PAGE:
At the time my father was involved in party politics in preparation for a democratic Swaziland that was under British colonial administration. He was a member of the Swaziland Democratic Party, a political party that also involved the likes of Sishayi Nxumalo, Dr Allen Nxumalo and many others. My elder brothers Patrington and Thanduxolo were also involved in politics. I could only listen to the many informative debates that were taking place around me.
In 1967, the Nxumalos convinced a conference in Mbabane that they were going to attempt to change King Sobhuza II’s party, Imbokodvo National Movement, from within. Consequently they disbanded the Swaziland Democratic Party.
In 1967, I and a friend Charlton Mncwango together with one Shedrice Bhembe were involved in an altercation with one white teacher, a Mr Vall. He had wanted us to play football which we did not like, but had preferred to do something else instead. As punishment, he instructed us to write an essay about ‘Wild Animals in Africa.’ We felt completely provoked and in return, we decided to write about ‘Wild animals from Europe’ that had come to spoil our Africa. I was eventually expelled and had to stay the whole second term and partly the last while looking for alternative space. My father had to come down from the South African mines where he was employed and negotiated my return to school with the then king, but no nonsense principal Mr H S Telford. We had nicknamed him Nsizwa. I then continued with my studies until 1971. During those years, I eventually developed not only into a footballer of note, but also captain and a school prefect.
My Early Political Experiences
At the end of 1971, after writing my final examination, I came straight to Mbabane in search of a better life. Luckily for me, whether by fate or design, I got myself employment at the then prestigious Barclays Bank. At the time there was a huge influx of freedom fighters from both the Republic of South Africa and Mozambique. Those from South Africa were struggling against the apartheid regime, while those from Mozambique were in a bloody fight for freedom against Portuguese colonial rule. In the process and interaction with these various freedom fighters, I was able to make a lot of friends with whom we shared political ideas and experiences. As a bank worker, I eventually joined the then Swaziland Bank Workers Union and was very active.
While still enjoying my new found life and experience of living in the capital town as a worker, a very strange occurrence just took place. This was like the biblical apocalypse! It was an incident that was not only to raise my political consciousness, but also of many fellow Swazis and the beginning of calculated and systematic oppression of the people of this country. In the year 1973, King Sobhuza II, in what was to be known as the King’s Proclamation to the Nation made a very strange announcement that was to change the political landscape of our country. The King had summoned the Swazi people to his traditional headquarters at Lobamba while parliament was in session. In the proclamation, he announced that he was now suspending the national constitution and assuming all powers including legislative, executive and judiciary powers. This proclamation effectively banned political parties and free political activity in the country.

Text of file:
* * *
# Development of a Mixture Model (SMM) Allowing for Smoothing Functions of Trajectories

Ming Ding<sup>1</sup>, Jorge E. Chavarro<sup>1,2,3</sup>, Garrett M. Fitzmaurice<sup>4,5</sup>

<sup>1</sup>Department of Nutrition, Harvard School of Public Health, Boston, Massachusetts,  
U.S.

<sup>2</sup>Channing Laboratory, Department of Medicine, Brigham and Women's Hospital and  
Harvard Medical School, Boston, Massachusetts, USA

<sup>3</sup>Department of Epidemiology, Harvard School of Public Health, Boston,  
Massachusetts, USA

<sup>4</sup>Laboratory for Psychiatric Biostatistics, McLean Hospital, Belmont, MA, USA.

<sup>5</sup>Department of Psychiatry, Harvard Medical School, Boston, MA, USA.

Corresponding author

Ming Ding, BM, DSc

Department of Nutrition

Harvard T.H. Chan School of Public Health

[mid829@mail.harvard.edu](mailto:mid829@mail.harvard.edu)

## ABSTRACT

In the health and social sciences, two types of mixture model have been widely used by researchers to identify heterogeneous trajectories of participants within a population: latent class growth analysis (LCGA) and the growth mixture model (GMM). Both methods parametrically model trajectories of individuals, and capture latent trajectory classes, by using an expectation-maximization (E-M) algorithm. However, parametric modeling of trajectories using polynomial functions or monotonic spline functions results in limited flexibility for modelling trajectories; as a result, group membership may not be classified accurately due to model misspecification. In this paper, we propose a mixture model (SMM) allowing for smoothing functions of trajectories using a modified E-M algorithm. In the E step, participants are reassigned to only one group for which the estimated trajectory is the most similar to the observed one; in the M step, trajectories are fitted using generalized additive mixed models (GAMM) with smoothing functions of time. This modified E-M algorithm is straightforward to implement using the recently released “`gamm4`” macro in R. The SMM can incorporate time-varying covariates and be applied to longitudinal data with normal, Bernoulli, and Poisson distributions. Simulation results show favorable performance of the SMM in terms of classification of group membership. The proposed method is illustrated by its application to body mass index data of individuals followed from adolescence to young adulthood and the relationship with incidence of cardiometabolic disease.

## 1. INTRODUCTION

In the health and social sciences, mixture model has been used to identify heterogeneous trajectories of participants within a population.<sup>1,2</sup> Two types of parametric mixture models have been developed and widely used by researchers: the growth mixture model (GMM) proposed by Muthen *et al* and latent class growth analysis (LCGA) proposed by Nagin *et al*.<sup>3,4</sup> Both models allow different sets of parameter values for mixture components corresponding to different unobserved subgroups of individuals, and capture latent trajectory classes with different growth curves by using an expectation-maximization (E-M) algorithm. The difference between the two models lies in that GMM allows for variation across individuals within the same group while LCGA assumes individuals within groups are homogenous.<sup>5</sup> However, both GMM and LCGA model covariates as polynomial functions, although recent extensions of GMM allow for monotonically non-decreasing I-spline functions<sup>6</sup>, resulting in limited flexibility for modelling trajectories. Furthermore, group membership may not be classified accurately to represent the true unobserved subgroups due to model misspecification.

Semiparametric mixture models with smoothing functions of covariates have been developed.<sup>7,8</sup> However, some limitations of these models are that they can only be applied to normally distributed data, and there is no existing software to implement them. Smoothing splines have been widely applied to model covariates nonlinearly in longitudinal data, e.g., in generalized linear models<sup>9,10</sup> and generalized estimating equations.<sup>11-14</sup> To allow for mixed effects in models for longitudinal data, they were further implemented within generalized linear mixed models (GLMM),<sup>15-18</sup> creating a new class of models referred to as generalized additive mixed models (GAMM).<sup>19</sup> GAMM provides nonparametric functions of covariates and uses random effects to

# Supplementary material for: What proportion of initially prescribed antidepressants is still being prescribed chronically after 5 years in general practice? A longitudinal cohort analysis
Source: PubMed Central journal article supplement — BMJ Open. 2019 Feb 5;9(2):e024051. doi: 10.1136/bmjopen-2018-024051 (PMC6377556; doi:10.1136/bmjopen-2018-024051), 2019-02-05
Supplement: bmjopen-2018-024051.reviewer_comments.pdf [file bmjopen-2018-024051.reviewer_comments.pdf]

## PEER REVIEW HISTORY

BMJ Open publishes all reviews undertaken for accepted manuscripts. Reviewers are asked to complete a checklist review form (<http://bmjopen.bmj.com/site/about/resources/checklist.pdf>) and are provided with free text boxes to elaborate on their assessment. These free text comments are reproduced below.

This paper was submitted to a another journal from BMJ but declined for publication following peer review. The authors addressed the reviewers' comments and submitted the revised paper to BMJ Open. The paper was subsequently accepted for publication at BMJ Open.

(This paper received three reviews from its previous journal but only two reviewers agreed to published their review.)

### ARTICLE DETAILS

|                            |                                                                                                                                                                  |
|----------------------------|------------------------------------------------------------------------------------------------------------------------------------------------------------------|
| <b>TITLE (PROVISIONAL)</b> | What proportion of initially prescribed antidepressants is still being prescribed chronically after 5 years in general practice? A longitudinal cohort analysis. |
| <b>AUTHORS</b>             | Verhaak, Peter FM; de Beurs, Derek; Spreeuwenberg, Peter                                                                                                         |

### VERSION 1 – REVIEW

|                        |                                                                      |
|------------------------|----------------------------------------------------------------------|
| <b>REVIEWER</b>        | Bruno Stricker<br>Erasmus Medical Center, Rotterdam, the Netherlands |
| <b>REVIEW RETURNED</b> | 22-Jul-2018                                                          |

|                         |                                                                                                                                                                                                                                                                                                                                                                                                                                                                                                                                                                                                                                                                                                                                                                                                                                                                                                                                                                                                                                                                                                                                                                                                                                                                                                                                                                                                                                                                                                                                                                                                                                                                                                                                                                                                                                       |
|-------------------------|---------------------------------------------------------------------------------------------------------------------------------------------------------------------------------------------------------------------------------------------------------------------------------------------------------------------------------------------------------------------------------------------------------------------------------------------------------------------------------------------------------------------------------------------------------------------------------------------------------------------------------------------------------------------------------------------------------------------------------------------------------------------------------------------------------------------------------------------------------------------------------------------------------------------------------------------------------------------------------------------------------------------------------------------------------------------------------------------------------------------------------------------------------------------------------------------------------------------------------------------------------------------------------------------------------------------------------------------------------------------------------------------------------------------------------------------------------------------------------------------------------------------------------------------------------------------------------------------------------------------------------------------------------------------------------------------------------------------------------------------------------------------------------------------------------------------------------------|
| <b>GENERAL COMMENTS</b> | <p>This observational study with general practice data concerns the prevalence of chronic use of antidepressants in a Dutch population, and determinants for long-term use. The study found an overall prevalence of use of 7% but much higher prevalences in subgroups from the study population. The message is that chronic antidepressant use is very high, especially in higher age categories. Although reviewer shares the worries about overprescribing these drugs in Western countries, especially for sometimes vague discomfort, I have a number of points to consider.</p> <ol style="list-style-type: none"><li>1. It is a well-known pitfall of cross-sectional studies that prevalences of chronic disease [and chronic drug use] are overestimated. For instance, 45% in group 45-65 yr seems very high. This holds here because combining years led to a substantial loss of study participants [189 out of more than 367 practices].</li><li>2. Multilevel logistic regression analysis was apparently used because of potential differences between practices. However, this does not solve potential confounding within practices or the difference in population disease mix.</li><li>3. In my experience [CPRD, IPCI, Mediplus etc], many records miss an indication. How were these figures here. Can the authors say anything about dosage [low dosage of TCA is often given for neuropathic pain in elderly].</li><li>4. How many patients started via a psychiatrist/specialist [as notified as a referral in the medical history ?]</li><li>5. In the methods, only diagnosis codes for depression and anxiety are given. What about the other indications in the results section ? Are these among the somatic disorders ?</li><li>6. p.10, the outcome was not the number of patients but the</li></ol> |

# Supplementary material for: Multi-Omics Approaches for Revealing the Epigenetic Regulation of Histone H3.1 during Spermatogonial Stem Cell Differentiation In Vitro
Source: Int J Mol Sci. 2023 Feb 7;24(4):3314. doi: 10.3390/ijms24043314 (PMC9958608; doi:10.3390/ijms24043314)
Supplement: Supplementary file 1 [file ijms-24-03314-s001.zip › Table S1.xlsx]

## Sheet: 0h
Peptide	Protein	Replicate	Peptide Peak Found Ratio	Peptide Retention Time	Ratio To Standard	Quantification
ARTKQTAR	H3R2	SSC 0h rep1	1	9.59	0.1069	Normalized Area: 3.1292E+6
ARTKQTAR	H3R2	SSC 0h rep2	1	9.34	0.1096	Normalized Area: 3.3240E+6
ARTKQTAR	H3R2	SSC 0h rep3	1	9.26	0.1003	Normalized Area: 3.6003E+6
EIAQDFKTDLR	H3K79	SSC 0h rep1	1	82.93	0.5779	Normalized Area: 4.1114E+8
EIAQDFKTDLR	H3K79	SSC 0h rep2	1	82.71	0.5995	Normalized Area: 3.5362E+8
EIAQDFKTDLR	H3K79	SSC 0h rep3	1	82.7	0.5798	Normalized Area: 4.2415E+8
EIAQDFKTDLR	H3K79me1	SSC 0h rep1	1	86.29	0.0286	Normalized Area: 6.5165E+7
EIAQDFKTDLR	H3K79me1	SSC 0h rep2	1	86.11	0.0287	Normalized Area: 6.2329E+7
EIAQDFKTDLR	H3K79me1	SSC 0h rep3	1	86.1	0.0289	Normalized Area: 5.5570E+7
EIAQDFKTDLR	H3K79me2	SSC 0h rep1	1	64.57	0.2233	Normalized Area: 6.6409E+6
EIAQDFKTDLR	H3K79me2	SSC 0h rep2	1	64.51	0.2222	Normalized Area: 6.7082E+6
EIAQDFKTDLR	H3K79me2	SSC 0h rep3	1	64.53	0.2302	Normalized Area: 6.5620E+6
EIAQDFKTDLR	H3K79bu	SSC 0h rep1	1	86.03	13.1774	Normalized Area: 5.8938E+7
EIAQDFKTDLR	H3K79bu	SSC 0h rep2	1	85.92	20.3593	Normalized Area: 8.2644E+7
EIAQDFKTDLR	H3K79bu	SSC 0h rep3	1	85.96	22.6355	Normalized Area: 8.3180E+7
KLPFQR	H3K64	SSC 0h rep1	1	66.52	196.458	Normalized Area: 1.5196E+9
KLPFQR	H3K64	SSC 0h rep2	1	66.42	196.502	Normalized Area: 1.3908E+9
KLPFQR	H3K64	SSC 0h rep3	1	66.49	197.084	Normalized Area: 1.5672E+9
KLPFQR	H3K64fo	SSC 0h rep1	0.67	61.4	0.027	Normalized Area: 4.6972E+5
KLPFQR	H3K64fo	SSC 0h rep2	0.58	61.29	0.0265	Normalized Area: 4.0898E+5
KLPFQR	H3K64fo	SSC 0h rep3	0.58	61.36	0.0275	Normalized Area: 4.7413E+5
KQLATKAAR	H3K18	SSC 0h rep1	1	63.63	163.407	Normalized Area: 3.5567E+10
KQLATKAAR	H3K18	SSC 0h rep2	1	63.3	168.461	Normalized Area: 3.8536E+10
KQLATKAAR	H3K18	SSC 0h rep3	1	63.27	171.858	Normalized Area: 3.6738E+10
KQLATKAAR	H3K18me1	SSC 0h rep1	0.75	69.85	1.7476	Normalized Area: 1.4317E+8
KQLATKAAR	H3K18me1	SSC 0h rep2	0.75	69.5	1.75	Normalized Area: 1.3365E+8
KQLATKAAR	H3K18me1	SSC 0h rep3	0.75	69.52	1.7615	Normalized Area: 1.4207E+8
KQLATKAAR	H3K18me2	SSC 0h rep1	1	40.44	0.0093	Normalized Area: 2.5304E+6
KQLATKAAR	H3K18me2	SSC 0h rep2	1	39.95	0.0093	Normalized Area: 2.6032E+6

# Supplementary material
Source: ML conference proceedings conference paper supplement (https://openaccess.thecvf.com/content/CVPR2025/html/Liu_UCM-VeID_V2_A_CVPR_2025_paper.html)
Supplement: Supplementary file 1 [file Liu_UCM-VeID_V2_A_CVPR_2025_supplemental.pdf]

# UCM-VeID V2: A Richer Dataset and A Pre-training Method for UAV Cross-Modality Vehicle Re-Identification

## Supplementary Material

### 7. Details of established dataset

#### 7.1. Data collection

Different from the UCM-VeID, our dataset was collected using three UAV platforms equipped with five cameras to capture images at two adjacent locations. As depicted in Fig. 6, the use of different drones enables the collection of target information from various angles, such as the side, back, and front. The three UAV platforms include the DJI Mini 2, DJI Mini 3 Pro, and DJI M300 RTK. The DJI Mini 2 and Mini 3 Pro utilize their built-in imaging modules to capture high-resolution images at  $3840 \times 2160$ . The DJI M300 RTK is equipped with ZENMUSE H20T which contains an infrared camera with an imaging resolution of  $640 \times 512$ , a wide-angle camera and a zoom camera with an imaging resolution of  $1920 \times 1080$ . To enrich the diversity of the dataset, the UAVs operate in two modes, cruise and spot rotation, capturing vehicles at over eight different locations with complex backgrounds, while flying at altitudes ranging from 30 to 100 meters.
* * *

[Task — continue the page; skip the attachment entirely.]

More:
Subsequent to this proclamation, there was heightened tension, repression and fear orchestrated by the state. In spite of all this, there were growing political activities and discussions that took place underground in an effort to reverse the environment created by the King’s proclamation. I soon found myself amongst a group of such and we eventually formed an underground political organization called the Ngwane Socialist Revolutionary Party (NGWASOREP). Some of our members were former members of the Ngwane National Liberatory Congress (NNLC) and the Swaziland Democratic Party (SDP). As a result of our activities, some were detained under the 60 days detention without trial order. Others, of course, decided to go into exile while others including myself opted to remain in the country. Due to the heavy clampdown and the scattering of the members, the activities were seriously curtailed and became non-existent.
However, the student uprising of 1976 in South Africa and those of 1977 in Swaziland were to prove to be a crucial catalyst for the revitalization of political activism in Swaziland which spread into the local university at Kwaluseni.
In 1982, the old king died and soon there was a huge cloud of uncertainty amongst the people of Swaziland - mainly they believed the country could not survive without the ‘wise and magical king.’ Compounding the uncertainty, was the growing tension within royalty with regard to the question on who was to become the next prince to ascend to the throne? In the absence of the king, a supreme council of state, Liqoqo under the leadership of the all powerful Prince Mfanasibili, took charge of the responsibility of governing the country. In the ensuring conflict within royalty, the Liqoqo eventually dethroned the Queen Mother of the nation at the time who was Dzeliwe Shongwe. This did not only infuriate people within royalty, but also a lot of ordinary people within the Swazi populace. This resulted in university students led by a very powerful Student Representative Council deciding to march to the High Court grounds in protest of the dethroning of Queen Dzeliwe.